I've been wanting to write about the mental aspects of running difficult whitewater for a while but can never seem to find the time. When you have a great day running whitewater with friends in the sun it's easy to stay motivated and have fun. When you're on a roadside run and can get off the river at any point you don't need to worry about running out of light if something goes wrong. When you're on a run you know and love you already know how to ration your time and where the problem areas might be. Bottom line is when you stay within your comfort zone true class V mentality isn't needed in the same way it is when you extend out of it.
I'll start this off by saying I had an amazing day on the river this past Saturday. Dan and I ran some truly great whitewater in an incredibly scenic area. The trip, however, was not without its hiccups. We were paddling on the Olympic Peninsula, an area pretty far off the beaten path. Trips up there generally require a little more work than other places. Many of the runs require hike ins, the road situation is unpredictable, and there is always a threat of wood in the rivers. People don't get up there too often so beta is often outdated, or can become so after a big rain event. Also it seems that every year another gauge or two gets decommissioned, making flows a bit of a mystery. All of this adds up to every trip up there feeling like a mission.
On this particular mission we had our sights set on Jefferson creek. It is a tributary to the Hamma Hamma river and to my knowledge has only been rafted one other time, by us, at pretty low flows. We had tried one other time and were stopped by snow and multiple logs across the road. Another time we were up there the bridge was out right at the take out. This time we had no such problems, but we still managed to get lost trying to find the put in. Either someone messed up on the online beta or the signs have changed, but the beta we had was incorrect. We eventually were able to find where we were going and immediately recognized the put in. The river at first glance didn't look too much higher than the first time we were there, but within the first ten minutes we realized it was. Jefferson is a narrow, congested, and very steep creek. There is only about 50 feet of flat water on the entire 2.1 mile stretch, the rest being class IV-V Rapids. If you don't know the lines many of the rapids are blind and more than a few would be very difficult to portage. The road, not too far away as the crow flies, would be incredibly difficult to get to from river level. For such a short run the commitment level is high.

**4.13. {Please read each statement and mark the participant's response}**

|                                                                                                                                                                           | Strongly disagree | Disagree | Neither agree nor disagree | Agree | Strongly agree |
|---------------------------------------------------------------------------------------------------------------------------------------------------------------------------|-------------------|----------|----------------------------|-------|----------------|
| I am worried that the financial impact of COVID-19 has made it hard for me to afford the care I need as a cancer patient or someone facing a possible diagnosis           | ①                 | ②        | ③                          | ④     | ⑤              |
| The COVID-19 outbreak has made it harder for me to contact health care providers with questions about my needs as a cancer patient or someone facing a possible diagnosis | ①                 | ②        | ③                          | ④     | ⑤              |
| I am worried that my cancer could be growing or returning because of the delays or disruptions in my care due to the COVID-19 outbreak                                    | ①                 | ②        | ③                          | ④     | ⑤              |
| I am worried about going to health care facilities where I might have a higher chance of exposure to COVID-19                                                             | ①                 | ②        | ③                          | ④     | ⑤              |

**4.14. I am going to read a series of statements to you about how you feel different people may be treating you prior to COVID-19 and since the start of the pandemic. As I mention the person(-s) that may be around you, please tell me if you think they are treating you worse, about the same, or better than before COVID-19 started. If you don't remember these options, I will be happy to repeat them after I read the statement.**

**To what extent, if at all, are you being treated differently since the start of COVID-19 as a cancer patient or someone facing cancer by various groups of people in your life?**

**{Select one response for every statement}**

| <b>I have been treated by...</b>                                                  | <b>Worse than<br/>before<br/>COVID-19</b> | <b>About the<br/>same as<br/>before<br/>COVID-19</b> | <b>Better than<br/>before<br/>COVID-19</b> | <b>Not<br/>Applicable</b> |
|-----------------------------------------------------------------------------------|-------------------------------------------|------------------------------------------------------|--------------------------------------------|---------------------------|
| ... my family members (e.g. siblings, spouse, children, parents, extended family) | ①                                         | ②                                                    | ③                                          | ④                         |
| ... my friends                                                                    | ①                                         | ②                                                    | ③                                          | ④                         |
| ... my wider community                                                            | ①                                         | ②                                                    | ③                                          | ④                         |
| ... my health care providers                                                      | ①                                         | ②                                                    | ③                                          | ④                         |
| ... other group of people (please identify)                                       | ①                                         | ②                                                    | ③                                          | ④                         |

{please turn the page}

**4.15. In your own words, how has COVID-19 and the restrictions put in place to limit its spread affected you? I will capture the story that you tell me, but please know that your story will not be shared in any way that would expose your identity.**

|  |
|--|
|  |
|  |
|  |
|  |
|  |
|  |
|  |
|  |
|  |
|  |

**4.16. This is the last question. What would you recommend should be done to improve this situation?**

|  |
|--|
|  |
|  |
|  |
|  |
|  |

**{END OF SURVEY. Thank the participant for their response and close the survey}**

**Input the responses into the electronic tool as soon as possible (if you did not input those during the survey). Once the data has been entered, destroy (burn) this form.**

It is also not the type of place to be swimming, especially at high water. Unfortunately, swim is exactly what I did, within the first half mile. A quick high side by Dan combined with a bounce on a rock sent me into the water like a ball at the end of a Newton's Cradle. My sense of self preservation and quick reflexes aided me in grabbing the perimeter line on my way out, but my legs took quite a beating. The experience led us to be a bit more cautious in our downstream progress, eating away at our already foreshortened time frame. We also knew that there was a mandatory portage downstream, and that it could come up quick with the creek being so high.
All of these factors combine to make a very stressful situation. The thing about exploratory class V rafting is that these and other factors are always going to be present to some extent. Having a class V mentality means recognizing these things and not letting them affect your performance in the boat. The river doesn't give you a break because you're tired or scared. You don't get an easy stretch when you're done dealing with big rapids and take out doesn't come any faster because you're running out of light. It's up to you to deal with what the river is doing, not the other way around.
I could have easily gotten spooked by a swim on a potentially hazardous river, but we still had plenty of class V river to run, small eddies to catch above hazards, and a time frame to do it in. Class V mentality means looking at every problem fresh. It means not letting successes or failures color your judgement. It means making decisions efficiently based on your abilities and the present situation. In the end these things contribute to the success and safety of every river trip and are good to practice even on easier rivers.
My leg continued to stiffen over the next two hours we were on the river. Dan had to do all of the scouting and Willy, our kayaking buddy, helped with the portage and take out. Hiking out would have been all but out of the question. The thing is, it was still an amazing trip. The whitewater was too good not to have me smiling like an idiot at the bottom of almost every rapid. The rainforest scenery and steep canyon walls make you feel like you are in an untouched world. The sense of accomplishment of doing something no one else has done never gets old. You have to take the good with the bad, and sometimes it all boils down to maintaining the right headspace. When things are hard it's easy to forget that we all started doing this because it's fun and rewarding, and hopefully that's why we continue to do it.